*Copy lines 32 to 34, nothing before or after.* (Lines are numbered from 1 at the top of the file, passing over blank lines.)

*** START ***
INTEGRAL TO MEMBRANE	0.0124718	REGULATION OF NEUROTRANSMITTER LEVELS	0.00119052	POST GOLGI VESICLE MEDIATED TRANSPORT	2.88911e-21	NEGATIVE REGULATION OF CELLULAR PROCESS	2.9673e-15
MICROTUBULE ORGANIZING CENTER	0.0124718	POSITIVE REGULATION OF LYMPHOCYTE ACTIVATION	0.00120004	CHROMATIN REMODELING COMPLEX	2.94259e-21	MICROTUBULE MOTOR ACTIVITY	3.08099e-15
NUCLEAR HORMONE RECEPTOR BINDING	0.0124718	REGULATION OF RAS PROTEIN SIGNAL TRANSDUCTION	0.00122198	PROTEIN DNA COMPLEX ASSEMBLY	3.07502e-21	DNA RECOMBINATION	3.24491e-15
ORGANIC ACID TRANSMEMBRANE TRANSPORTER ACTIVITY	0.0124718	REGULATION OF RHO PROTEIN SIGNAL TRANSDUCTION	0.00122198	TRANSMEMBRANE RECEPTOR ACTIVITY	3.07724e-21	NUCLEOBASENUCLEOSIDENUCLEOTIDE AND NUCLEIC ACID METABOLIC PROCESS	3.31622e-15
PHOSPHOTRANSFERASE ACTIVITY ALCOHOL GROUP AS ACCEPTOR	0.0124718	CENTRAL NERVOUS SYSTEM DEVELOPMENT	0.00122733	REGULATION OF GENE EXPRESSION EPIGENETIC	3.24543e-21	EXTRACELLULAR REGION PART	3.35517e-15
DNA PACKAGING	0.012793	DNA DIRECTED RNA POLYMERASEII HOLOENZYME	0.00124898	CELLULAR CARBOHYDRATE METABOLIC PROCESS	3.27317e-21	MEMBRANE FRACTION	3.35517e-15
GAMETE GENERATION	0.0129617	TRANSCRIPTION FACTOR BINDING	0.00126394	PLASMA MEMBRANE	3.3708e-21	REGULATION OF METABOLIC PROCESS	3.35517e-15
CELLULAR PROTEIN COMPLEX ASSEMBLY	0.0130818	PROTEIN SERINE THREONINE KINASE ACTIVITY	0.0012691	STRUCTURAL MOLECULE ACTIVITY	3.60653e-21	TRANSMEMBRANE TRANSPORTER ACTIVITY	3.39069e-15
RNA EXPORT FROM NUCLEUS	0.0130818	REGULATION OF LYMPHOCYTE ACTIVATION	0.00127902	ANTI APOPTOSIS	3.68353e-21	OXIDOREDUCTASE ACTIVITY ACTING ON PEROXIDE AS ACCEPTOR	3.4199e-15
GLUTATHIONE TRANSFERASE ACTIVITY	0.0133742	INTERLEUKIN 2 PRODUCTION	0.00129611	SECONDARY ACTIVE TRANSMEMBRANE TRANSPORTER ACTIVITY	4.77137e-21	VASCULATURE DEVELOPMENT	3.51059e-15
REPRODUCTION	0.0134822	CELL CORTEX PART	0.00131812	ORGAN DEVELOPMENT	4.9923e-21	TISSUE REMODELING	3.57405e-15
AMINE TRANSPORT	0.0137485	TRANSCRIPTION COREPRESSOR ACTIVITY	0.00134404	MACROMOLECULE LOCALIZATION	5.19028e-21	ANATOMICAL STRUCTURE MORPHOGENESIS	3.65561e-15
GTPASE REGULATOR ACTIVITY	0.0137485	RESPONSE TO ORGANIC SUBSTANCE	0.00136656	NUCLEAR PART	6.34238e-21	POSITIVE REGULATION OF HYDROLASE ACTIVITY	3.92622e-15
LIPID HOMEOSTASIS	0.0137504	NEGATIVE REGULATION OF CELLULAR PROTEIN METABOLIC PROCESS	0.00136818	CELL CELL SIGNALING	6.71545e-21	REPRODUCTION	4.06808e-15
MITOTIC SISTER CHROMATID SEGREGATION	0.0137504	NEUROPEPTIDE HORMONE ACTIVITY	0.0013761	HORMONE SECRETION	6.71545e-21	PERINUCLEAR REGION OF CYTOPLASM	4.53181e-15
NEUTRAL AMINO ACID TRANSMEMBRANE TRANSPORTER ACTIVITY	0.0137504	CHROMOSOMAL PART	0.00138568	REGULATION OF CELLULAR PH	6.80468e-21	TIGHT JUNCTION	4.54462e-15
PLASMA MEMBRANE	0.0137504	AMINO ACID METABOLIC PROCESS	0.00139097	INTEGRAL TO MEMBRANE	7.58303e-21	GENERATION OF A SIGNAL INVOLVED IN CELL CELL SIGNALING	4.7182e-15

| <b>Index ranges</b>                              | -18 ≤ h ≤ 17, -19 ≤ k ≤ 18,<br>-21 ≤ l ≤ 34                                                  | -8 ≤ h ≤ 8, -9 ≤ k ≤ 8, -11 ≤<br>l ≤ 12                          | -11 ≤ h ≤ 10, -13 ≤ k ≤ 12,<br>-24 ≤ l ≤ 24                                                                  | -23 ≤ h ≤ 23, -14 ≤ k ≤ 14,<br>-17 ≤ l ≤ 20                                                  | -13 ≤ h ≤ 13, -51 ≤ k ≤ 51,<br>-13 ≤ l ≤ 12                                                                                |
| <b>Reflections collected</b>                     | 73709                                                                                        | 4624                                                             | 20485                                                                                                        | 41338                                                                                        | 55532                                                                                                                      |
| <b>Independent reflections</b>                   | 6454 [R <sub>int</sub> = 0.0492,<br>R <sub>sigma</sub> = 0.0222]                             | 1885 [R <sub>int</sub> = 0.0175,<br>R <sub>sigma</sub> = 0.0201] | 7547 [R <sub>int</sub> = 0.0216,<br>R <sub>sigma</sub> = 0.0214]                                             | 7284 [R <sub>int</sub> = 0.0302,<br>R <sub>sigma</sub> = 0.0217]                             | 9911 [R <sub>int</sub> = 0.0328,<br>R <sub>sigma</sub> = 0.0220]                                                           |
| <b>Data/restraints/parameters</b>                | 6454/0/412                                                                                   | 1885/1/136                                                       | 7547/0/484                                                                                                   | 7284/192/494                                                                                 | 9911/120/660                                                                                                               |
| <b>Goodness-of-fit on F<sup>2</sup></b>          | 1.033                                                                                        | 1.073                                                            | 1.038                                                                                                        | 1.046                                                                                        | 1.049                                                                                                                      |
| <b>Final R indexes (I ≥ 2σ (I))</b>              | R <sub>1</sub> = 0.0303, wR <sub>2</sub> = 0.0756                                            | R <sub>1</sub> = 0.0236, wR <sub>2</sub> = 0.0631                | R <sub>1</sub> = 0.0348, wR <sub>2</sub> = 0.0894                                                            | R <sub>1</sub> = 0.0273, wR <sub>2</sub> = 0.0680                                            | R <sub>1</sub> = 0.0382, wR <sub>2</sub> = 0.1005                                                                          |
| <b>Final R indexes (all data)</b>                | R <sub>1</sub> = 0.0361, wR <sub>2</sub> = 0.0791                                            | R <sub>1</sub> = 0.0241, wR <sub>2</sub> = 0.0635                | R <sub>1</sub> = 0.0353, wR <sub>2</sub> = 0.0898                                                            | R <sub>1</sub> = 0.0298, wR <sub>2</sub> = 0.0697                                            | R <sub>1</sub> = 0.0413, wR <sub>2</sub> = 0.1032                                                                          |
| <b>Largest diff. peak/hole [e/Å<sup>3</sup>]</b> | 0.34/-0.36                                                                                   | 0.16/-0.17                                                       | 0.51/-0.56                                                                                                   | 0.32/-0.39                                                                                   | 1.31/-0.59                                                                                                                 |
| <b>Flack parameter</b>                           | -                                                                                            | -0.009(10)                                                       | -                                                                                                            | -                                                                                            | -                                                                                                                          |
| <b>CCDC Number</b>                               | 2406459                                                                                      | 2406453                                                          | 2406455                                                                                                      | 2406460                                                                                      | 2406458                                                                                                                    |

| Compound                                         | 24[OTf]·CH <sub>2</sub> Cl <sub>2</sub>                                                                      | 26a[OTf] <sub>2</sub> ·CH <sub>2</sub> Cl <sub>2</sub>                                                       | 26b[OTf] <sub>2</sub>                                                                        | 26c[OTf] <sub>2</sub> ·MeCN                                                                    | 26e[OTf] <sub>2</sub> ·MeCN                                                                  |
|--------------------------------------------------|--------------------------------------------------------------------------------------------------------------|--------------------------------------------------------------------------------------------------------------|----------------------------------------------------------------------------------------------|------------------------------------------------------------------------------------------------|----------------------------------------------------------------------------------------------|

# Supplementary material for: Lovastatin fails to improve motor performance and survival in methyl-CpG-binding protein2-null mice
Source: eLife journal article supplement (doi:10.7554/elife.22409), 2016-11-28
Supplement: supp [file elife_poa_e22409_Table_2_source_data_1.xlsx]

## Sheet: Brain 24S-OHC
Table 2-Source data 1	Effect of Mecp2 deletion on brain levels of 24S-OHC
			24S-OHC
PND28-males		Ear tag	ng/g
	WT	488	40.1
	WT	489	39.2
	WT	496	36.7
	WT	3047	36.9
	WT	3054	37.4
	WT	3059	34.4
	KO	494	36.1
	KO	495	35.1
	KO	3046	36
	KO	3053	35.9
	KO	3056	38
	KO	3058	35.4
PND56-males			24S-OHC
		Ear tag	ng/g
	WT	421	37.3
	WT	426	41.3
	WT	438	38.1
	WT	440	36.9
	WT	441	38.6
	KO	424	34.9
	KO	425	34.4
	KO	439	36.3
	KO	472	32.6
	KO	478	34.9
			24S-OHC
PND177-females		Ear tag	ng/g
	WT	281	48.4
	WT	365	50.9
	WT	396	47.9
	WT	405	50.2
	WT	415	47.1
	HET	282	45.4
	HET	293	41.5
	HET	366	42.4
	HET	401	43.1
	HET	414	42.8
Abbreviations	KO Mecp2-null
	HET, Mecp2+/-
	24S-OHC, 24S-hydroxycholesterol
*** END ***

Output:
Supplement: supp [file elife_poa_e22409_Table_2_source_data_1.xlsx]

## Sheet: Brain 24S-OHC
Table 2-Source data 1	Effect of Mecp2 deletion on brain levels of 24S-OHC